Dr. Smith’s research has focused on a rare autosomal dominant disease called Hereditary Angioedema (HAE), clinically characterized by attacks of swelling involving the subcutaneous tissue and mucous membranes. HAE attacks are unpredictable, often extremely painful or disfiguring; when they occur in the neck they can lead to asphyxiation and death. Most patients have either a quantitative or qualitative abnormality in the major inhibitor of the contact system, C1 esterase inhibitor. Dr. Smith is particularly interested in the group of patients with HAE who have normal C1 inhibitor level and function, also known as HAE‐nl‐C1INH, since in most cases, the mechanism is not known. She is also interested in therapeutic development related to the bradykinin pathway, which is involved in HAE, since it is also thought to contribute to various immune mediated diseases.

Her latest research project is focused on understanding whether patients with HAE are at increased risk of COVID-19-related complications, some of which may also involve the bradykinin pathway. Some have speculated that HAE patients who are treated with drugs to counteract the bradykinin pathway may be protected from COVID-19 complications.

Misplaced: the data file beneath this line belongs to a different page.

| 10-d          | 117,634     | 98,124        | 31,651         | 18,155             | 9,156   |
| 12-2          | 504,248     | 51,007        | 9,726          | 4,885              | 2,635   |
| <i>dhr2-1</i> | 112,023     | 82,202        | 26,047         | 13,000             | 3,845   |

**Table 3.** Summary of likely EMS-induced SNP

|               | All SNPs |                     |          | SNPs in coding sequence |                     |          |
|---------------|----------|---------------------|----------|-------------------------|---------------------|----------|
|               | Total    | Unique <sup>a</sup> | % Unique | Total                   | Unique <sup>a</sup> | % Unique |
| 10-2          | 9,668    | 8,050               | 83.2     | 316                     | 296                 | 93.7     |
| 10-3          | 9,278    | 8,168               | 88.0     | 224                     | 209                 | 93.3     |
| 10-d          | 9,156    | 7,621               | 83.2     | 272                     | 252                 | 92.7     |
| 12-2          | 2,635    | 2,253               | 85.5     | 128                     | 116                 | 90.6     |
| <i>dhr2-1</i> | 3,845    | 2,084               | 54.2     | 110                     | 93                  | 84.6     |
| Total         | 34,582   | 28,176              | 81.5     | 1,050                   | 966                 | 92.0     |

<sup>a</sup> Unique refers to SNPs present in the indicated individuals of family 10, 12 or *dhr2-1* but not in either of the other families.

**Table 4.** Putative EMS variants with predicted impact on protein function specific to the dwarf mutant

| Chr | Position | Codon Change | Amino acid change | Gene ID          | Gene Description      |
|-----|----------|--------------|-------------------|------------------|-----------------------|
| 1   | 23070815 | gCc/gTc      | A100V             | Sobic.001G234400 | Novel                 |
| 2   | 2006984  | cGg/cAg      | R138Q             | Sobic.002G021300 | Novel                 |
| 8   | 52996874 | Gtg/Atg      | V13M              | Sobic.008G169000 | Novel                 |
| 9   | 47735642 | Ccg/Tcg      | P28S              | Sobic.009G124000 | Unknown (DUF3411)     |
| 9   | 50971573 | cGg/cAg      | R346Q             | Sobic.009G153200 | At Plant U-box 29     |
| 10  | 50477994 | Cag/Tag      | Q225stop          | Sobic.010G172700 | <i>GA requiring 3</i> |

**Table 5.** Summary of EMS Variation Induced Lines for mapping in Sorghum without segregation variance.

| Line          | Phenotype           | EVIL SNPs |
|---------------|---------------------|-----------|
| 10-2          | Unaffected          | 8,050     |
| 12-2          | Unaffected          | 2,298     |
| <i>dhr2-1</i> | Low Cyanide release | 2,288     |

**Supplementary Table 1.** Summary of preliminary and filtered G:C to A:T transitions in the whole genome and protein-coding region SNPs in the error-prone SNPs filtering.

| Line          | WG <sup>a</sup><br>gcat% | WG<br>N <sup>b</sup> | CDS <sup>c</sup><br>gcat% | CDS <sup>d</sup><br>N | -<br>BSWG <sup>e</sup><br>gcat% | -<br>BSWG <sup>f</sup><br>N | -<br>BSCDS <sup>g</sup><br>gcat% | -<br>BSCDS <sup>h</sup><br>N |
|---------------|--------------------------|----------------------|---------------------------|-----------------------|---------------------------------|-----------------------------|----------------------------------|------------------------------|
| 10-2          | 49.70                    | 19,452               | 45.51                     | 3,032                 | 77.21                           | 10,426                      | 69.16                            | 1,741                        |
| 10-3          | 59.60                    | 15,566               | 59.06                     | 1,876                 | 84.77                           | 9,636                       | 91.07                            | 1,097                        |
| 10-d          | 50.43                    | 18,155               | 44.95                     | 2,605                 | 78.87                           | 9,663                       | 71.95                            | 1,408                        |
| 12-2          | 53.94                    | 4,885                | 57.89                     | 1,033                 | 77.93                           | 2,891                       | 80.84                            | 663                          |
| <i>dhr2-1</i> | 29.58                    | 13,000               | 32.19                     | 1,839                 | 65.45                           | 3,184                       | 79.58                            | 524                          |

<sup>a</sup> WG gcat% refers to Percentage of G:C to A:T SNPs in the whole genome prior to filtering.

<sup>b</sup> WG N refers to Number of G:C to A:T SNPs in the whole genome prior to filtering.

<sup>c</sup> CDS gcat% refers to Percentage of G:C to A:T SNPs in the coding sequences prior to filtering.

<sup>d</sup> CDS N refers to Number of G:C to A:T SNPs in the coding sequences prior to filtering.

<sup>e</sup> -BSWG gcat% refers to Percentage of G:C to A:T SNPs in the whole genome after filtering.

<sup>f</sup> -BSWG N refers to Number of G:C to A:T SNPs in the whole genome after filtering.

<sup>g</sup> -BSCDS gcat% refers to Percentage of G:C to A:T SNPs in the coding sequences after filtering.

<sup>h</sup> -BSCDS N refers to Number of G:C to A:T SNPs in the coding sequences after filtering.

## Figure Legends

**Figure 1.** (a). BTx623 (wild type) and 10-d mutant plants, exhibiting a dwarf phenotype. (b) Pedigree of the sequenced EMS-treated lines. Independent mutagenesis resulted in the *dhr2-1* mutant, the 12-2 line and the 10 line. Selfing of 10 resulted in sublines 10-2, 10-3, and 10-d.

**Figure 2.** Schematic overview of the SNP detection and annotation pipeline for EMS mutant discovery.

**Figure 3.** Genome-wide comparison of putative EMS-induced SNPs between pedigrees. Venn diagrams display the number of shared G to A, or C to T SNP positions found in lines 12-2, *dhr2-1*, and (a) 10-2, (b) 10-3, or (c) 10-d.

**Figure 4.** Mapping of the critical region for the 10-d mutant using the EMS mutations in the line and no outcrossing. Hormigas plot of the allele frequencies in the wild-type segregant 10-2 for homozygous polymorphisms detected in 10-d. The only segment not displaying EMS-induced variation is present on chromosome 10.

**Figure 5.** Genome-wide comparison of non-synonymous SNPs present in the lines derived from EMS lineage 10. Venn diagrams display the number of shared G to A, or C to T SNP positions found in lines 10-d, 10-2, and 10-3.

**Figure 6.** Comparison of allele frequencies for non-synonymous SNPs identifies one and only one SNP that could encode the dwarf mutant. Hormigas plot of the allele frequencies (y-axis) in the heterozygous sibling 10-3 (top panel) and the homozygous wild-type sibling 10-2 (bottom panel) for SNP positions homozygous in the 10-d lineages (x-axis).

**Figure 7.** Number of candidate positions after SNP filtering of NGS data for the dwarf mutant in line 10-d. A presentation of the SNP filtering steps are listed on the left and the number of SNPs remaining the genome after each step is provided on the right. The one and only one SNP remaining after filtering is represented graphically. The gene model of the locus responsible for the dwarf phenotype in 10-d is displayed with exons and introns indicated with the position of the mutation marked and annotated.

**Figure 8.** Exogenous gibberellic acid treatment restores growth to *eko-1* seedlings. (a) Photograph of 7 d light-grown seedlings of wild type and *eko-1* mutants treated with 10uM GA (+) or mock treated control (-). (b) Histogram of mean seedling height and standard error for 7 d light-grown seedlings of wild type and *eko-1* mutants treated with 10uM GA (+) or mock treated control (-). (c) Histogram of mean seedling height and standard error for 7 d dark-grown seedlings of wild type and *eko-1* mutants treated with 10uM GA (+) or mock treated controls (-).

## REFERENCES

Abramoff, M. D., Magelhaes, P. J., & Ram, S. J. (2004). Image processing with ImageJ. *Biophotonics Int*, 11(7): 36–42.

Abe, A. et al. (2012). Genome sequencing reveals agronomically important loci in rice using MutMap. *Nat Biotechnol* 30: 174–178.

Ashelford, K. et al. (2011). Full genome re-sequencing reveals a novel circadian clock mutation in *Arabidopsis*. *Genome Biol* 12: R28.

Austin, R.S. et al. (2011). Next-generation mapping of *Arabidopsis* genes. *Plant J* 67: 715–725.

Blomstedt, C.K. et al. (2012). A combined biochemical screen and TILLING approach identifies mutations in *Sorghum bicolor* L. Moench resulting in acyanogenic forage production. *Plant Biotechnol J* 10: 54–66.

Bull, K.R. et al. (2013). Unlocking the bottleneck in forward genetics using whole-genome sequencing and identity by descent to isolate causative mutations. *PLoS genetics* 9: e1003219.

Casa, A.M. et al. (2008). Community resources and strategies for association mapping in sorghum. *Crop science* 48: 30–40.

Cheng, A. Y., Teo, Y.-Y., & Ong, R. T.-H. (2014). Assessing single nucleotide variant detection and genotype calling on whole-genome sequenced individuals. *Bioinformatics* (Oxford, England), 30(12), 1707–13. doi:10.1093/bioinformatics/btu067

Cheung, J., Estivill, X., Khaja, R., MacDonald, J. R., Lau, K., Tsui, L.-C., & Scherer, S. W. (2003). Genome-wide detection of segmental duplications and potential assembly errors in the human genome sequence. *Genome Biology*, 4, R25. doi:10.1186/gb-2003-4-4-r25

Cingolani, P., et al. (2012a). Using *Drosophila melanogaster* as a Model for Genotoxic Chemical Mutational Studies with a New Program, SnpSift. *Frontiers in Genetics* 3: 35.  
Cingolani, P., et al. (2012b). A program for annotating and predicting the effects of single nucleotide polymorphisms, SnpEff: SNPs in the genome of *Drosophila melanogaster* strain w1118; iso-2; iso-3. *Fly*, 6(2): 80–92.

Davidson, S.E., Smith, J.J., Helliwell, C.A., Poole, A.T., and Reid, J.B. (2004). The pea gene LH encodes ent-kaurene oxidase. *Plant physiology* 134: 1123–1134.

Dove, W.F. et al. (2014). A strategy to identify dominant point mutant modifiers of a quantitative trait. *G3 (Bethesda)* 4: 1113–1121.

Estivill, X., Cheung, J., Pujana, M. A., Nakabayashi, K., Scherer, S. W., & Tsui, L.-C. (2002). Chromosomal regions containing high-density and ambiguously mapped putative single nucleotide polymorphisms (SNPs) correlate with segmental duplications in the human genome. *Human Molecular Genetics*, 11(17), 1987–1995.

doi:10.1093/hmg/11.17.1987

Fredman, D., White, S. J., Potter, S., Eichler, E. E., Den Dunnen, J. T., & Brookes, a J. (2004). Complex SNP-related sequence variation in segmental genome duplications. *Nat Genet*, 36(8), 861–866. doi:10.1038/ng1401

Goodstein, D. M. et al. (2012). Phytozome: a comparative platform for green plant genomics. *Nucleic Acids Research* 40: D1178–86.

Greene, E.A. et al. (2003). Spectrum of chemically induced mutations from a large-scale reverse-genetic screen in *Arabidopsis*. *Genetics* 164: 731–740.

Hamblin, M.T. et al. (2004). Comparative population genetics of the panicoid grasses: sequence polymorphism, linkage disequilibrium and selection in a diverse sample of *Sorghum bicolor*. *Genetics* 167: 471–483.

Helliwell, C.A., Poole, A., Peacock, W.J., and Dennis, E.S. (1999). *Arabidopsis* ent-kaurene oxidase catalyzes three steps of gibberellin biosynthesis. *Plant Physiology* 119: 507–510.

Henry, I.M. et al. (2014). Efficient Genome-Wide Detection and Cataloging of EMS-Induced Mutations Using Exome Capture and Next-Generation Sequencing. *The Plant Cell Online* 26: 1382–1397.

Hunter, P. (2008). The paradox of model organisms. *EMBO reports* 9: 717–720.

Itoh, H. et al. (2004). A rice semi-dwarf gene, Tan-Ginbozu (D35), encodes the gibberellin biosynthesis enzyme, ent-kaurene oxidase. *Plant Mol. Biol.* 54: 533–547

When asked to share her expectation and experiences in the Clinical Scholars, Dr. Smith replied:

“I entered the program expecting that I would learn new skillsets as a clinical researcher. I left the program transformed. I learned the various ways by which I could fashion my career where I can wear multiple hats including that of a physician, translational researcher, biotechnologist and entrepreneur, patient advocate, and policy influencer. I learned the most from my fellow Clinical Scholars, who are some of the greatest minds in a wide range of disciplines. Active dialogue with my colleagues allowed me to become inspired and passionate about my research and I would often gain inspiration from their work, commitment, and drive.

 The best part of the program was the opportunity to engage with world experts in various fields and to hear about their stories and career trajectories. Dining with such individuals was truly a privilege that most are not afforded and those are moments I will always remember. I would describe the program, specifically at Rockefeller University, as one of a kind.”

As a recent graduate of the program and now Assistant Professor of Medicine at the University, San Diego, Dr. Smith was asked for her advice to current Clinical Scholars: “I would say take advantage of all opportunities afforded through the program. Various seminars and workshops might not directly coincide with your research interests; however, you will be surprised how keeping an open mind will impact your research and approach to problem solving. I have taken away many learning points that have equipped me in my present role as a professor, physician, and clinical and translational researcher.”